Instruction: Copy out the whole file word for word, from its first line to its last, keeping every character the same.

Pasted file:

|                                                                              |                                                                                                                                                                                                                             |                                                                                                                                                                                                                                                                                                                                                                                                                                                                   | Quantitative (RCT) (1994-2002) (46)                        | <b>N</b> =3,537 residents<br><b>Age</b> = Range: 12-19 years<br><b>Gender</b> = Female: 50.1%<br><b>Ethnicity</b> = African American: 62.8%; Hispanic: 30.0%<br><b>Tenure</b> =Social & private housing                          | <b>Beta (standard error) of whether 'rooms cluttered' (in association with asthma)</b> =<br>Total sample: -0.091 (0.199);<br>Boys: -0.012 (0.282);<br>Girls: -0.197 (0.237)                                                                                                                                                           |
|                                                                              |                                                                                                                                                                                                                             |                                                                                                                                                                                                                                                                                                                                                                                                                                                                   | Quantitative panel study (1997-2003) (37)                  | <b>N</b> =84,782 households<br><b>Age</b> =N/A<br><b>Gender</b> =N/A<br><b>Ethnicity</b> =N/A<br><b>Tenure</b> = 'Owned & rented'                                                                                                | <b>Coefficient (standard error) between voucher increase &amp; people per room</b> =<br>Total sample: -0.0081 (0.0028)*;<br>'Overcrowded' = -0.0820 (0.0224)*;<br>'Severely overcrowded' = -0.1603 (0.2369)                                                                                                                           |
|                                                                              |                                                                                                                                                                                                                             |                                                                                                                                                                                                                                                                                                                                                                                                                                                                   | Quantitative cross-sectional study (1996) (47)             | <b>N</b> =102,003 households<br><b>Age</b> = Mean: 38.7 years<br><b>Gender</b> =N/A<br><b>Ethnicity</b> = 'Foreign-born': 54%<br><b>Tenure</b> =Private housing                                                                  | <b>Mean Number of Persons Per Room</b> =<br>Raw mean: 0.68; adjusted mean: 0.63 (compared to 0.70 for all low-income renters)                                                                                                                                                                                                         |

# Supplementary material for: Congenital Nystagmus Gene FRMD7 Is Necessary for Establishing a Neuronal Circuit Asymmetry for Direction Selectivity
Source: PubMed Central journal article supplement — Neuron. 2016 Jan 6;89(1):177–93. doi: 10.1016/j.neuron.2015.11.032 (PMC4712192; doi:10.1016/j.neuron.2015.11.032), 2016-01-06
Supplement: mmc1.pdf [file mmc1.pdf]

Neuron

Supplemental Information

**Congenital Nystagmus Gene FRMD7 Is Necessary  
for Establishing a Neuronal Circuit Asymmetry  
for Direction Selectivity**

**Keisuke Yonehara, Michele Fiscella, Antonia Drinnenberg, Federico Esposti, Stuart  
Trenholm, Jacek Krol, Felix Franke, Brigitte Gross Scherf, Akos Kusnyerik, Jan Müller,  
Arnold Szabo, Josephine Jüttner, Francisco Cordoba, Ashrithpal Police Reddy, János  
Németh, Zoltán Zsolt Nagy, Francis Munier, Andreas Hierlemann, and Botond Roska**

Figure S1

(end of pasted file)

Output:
|                                                                              |                                                                                                                                                                                                                             |                                                                                                                                                                                                                                                                                                                                                                                                                                                                   | Quantitative (RCT) (1994-2002) (46)                        | <b>N</b> =3,537 residents<br><b>Age</b> = Range: 12-19 years<br><b>Gender</b> = Female: 50.1%<br><b>Ethnicity</b> = African American: 62.8%; Hispanic: 30.0%<br><b>Tenure</b> =Social & private housing                          | <b>Beta (standard error) of whether 'rooms cluttered' (in association with asthma)</b> =<br>Total sample: -0.091 (0.199);<br>Boys: -0.012 (0.282);<br>Girls: -0.197 (0.237)                                                                                                                                                           |
|                                                                              |                                                                                                                                                                                                                             |                                                                                                                                                                                                                                                                                                                                                                                                                                                                   | Quantitative panel study (1997-2003) (37)                  | <b>N</b> =84,782 households<br><b>Age</b> =N/A<br><b>Gender</b> =N/A<br><b>Ethnicity</b> =N/A<br><b>Tenure</b> = 'Owned & rented'                                                                                                | <b>Coefficient (standard error) between voucher increase &amp; people per room</b> =<br>Total sample: -0.0081 (0.0028)*;<br>'Overcrowded' = -0.0820 (0.0224)*;<br>'Severely overcrowded' = -0.1603 (0.2369)                                                                                                                           |
|                                                                              |                                                                                                                                                                                                                             |                                                                                                                                                                                                                                                                                                                                                                                                                                                                   | Quantitative cross-sectional study (1996) (47)             | <b>N</b> =102,003 households<br><b>Age</b> = Mean: 38.7 years<br><b>Gender</b> =N/A<br><b>Ethnicity</b> = 'Foreign-born': 54%<br><b>Tenure</b> =Private housing                                                                  | <b>Mean Number of Persons Per Room</b> =<br>Raw mean: 0.68; adjusted mean: 0.63 (compared to 0.70 for all low-income renters)                                                                                                                                                                                                         |

# Supplementary material for: Congenital Nystagmus Gene FRMD7 Is Necessary for Establishing a Neuronal Circuit Asymmetry for Direction Selectivity
Source: PubMed Central journal article supplement — Neuron. 2016 Jan 6;89(1):177–93. doi: 10.1016/j.neuron.2015.11.032 (PMC4712192; doi:10.1016/j.neuron.2015.11.032), 2016-01-06
Supplement: mmc1.pdf [file mmc1.pdf]

Neuron

Supplemental Information

**Congenital Nystagmus Gene FRMD7 Is Necessary  
for Establishing a Neuronal Circuit Asymmetry  
for Direction Selectivity**

**Keisuke Yonehara, Michele Fiscella, Antonia Drinnenberg, Federico Esposti, Stuart  
Trenholm, Jacek Krol, Felix Franke, Brigitte Gross Scherf, Akos Kusnyerik, Jan Müller,  
Arnold Szabo, Josephine Jüttner, Francisco Cordoba, Ashrithpal Police Reddy, János  
Németh, Zoltán Zsolt Nagy, Francis Munier, Andreas Hierlemann, and Botond Roska**

Figure S1